Posted on

Emancipation 2 Education, and education


It is a well-known refrain that “Education is the surest route out of poverty”. Generally, there is no truth in that statement. Another saying, that “riches and wealth (often) come as a result of education”, is one which our experience will also cause us to question. Yes, there is education and there is education. When His Excellency Bob Marley reissued the call to “Emancipate yourselves from mental slavery”, he wasn’t proclaiming that education – schooling – leads to emancipation.{{more}} In fact, our still colonial type education is part of what keeps us enslaved. “None but ourselves” can envision, then design and negotiate the pathway for our minds, hands, hearts and instruments to reach for freedom and fulfillment. The truth is, we have not yet come together to admit our enslavement, recognize the poverty among us, and place mental (and material/spiritual) emancipation on our agenda in education. Our education today still has us locked down as a people in a global jail, while the fantasy of individual emancipation persists.

Douglas Hall (late) Jamaican historian, points us to the instruction to Leeward Islands Governor Fitzroy for him to ask the clergy and others to …devise the best methods of combining industrial training with the other objects of education … The moral well-being of the Negroes … will depend upon their being trained to the exercise of industry in the arts and labours which are their natural portion. (As black toilers).

This was in 1845, eleven years after slave emancipation. For the colonial rulers, education had as its aim to produce a capable working class, of good behavior and keeping to its place in the community. Education was for production and maintaining social order.

Norma Keizer, more than 40 years ago in “Flambeau”, showed how the church in SVG took up the task of schooling the black masses (and churching and classing them). That was not mental emancipation nor the abolition of poverty. It took 50 to 70 years for a second(ary) level of education to begin in our region, and a third/tertiary education came on-stream in secular studies, 100 years after emancipation, as a service to the needs of the colonial political economy and its transitions. These developments in education were not emancipatory. They were accomodationist.

Critical educators like the late Brazilian, Freire, tell us that it takes a special kind of education to liberate people – not just any old education. Paolo Freire calls for a “Pedagogy of the Oppressed”, a methodology in education that begins with the concrete living conditions and epistemology of the vulnerable communities. A “none but ourselves” principle must be built into how we propose change and fulfillment through education.

Emancipation and emancipation

Walter Rodney (1942 – 1980) has written that education is a “violent phenomenon in many ways”, when he wrote about Frantz Fanon, an African liberation comrade from Martinique. For Rodney, the book “Black Skins White Masks” ‘reveals Fanon’s rebellion against the processes of his own formation’. One of my own comrades had this to say about her own education:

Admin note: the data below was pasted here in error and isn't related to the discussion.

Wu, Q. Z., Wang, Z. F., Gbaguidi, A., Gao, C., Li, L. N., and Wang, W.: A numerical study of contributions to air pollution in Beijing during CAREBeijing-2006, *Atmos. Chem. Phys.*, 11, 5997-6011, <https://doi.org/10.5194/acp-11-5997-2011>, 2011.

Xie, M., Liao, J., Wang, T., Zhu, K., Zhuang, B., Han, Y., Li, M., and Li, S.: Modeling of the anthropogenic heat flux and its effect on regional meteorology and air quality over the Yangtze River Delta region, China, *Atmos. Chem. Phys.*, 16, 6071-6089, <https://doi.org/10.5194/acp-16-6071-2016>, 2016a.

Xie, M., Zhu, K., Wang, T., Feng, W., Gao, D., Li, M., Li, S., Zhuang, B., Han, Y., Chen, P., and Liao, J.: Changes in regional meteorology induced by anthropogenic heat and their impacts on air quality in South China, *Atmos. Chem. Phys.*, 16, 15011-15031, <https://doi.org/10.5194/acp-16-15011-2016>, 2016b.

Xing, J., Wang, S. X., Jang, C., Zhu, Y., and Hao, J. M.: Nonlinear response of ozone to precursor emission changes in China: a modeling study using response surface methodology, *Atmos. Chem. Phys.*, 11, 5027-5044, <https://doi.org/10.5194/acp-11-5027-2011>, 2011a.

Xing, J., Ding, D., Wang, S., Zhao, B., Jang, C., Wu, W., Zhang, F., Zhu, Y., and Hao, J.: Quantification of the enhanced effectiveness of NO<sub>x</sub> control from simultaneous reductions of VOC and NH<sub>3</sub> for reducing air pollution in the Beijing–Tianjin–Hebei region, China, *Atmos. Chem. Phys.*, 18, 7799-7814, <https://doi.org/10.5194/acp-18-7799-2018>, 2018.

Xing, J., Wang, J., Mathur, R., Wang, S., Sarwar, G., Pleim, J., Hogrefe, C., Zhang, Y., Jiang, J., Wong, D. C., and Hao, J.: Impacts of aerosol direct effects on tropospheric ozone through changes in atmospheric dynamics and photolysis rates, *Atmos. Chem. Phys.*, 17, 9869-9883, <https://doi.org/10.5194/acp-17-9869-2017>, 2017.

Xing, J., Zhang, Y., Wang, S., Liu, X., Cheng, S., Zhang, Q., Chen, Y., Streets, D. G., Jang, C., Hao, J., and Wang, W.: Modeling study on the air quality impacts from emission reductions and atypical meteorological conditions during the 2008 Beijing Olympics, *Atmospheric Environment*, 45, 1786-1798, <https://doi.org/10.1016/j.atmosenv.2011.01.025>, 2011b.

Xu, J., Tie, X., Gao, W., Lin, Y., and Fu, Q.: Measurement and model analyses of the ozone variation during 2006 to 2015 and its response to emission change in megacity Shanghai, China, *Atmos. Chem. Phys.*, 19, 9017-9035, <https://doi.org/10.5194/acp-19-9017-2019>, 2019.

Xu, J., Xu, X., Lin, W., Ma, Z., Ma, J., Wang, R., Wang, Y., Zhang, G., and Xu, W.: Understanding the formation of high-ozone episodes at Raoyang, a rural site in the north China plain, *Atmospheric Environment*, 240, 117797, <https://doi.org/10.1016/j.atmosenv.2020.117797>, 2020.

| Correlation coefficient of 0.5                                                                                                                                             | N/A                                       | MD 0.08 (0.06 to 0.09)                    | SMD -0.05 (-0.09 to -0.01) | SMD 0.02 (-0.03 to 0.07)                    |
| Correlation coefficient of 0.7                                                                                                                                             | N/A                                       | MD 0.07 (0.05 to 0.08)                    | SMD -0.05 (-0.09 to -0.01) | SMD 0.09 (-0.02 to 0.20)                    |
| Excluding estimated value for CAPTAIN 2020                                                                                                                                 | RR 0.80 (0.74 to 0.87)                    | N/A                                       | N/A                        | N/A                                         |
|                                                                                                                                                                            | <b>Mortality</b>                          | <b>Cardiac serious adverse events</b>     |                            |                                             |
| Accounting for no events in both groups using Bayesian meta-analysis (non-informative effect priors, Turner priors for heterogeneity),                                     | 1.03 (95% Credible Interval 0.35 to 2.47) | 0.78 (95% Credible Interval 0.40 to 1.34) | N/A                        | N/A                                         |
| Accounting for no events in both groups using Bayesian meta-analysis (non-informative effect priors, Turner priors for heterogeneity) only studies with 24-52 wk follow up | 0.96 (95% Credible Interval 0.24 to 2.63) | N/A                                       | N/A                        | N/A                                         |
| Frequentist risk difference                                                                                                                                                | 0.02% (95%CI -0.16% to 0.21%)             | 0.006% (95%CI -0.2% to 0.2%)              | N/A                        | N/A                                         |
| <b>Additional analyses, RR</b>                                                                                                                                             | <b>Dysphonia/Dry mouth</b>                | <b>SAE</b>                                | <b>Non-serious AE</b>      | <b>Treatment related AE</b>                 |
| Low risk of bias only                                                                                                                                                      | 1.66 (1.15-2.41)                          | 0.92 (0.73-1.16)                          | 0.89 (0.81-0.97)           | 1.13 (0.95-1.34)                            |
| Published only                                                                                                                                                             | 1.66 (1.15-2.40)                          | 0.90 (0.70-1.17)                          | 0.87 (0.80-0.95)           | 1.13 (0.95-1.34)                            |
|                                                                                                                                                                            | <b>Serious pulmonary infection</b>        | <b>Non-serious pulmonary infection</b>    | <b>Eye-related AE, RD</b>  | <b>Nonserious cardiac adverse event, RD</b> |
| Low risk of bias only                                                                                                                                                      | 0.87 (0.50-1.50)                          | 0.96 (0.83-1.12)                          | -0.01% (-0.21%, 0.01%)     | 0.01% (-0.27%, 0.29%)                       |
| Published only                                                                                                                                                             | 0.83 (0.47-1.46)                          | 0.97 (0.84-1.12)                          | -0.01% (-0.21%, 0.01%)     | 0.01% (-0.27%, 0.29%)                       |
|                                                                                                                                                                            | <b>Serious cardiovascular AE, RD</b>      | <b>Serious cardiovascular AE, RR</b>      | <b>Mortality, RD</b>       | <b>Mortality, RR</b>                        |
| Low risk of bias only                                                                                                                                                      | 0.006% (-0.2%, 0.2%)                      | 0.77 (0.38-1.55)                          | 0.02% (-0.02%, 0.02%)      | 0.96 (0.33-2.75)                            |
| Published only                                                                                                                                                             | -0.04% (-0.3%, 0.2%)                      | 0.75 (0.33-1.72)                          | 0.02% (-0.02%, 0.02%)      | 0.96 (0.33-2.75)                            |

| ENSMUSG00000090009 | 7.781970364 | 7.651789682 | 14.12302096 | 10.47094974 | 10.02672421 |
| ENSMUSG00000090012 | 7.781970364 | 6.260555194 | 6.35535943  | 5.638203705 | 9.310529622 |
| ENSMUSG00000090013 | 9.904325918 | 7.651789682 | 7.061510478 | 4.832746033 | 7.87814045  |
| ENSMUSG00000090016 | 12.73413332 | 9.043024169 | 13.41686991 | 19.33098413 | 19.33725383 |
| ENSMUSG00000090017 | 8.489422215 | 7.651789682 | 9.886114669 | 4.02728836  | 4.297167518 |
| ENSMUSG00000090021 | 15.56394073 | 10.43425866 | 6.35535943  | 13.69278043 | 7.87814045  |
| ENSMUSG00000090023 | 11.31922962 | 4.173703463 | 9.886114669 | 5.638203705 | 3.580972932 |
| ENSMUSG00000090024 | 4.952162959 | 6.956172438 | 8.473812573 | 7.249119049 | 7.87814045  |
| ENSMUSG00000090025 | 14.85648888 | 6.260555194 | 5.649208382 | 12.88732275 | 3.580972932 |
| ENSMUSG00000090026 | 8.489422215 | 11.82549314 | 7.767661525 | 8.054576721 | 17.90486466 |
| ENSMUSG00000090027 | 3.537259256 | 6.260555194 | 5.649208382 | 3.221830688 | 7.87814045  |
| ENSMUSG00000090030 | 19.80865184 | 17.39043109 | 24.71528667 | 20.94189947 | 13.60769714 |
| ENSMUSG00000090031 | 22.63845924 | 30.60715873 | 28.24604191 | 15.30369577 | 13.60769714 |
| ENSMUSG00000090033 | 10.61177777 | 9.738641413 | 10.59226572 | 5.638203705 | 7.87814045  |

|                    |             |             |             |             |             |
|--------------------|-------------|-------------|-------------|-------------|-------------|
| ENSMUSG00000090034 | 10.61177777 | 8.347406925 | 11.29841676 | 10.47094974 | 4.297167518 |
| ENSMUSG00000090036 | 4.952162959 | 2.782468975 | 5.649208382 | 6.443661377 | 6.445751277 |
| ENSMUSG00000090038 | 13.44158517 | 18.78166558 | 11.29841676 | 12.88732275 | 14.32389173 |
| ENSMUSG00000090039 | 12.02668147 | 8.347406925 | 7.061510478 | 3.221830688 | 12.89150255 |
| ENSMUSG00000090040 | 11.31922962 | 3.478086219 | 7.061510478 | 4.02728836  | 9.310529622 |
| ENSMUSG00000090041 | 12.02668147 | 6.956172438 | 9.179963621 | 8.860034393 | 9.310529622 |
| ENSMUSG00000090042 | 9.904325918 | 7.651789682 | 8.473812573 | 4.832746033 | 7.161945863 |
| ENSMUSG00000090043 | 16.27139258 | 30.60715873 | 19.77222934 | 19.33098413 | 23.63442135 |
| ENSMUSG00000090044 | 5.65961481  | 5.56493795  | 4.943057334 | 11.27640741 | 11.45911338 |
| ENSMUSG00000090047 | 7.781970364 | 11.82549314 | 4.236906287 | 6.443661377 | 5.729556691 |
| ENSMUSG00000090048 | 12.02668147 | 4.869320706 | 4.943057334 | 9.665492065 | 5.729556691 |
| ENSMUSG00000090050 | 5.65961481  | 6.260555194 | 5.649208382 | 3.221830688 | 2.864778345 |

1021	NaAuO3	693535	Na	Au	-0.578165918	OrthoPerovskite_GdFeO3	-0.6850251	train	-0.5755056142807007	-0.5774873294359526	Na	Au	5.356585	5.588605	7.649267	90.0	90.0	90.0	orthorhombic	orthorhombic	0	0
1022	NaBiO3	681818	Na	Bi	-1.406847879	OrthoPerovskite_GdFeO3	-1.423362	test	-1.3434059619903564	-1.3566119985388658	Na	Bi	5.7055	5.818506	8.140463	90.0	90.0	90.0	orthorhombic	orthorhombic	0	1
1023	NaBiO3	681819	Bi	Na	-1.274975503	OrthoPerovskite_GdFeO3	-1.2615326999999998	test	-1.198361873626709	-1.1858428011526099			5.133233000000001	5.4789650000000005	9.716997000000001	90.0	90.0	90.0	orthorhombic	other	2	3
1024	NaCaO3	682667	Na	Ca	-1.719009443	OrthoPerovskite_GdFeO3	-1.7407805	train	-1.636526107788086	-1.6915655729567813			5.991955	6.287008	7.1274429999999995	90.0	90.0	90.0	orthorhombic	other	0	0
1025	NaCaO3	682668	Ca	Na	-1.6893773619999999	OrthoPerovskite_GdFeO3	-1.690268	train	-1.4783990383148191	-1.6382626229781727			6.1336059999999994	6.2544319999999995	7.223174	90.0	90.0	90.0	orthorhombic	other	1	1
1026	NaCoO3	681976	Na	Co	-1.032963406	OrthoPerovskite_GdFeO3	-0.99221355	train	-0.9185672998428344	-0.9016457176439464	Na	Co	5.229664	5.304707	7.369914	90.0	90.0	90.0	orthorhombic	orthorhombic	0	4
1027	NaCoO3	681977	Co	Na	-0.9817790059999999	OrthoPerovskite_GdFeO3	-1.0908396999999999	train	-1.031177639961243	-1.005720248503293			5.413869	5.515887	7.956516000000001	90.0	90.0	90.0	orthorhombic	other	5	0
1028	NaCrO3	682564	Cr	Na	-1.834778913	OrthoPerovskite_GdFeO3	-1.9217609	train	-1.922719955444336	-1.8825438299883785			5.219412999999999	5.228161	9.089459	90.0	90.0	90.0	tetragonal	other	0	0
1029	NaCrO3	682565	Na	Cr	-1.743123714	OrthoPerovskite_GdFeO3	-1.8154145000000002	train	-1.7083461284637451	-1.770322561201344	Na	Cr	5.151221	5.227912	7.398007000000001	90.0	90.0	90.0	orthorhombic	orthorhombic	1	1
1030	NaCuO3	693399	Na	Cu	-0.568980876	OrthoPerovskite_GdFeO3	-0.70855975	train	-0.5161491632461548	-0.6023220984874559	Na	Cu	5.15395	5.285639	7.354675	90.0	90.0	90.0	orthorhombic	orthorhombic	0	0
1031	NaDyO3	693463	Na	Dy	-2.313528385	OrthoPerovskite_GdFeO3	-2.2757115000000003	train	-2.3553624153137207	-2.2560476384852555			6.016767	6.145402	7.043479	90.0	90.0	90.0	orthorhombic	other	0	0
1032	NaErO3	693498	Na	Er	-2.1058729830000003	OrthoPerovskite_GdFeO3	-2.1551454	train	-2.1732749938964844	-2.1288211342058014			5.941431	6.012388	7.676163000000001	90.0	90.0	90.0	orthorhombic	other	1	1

I was educated in ignorance
But re educated by experience
(E. Horne 1949-98)

Rodney considered that “Race” was a false mental product that our education has been given to inferiorise and poison our minds with. He claims therefore, that we who have been formally educated could only have been ‘educated in a racist way’. From that position Rodney, therefore, challenges the anti- racist teachings of Negritude and much of Afrocentrism as a product of racial inferiority. They stand for ‘creating a new set of myths about black people’ to replace the old white set.

Kathleen Drayton’s 1990 essay “Rodney on Education” which I have been citing, suggests that even black mental emancipation could be tainted with colonial contradictions. And Drayton comments that “Our education system has not yet transcended the problem of the colonial construction of knowledge”.

Our region and our own country have brought many deeply educated persons to the world. In their own professional fields, men like Walcott and W.A Lewis have had barriers and constraints on what they could achieve. More potently, our educated stars have not had a structural impact on our economic or mental emancipation.

Education revolution is just an anaemic idiom when, as Rodney put it, “revolutionary adjustments” are not “made for the simultaneous transformation of the alienated society and the alienated individual” mind games are a strategy that colonial rule played in order to get at us successfully. Emancipation is not a game, however. If colonial education really has been and is a violent phenomenon, then post colonial education calls for an end to word games and the splitting and denaturing of our mental intellectual nationhood.

By the way, in the year 2005, the government of SVG, through Prime Minister Gonsalves, announced that annual national scholarships to university would be named after several Caribbean heroic persons. Could somebody remind the Minister of Education and the Prime Minister kindly to honour that pledge? Let us take education thinking to another level.


Last week’s Quiz:

The answers to the Questions were:

1. Nellie lbo
2. Rev. Matthew Lamb

There were no winners.

This week’s Quiz:

Question: Name the Vincentian educator – artist who wrote “People who all time jump up jump up find only they foot develop”

Question: Name the former slave woman who wrote: “All slaves want to be free – to be free is very sweet”.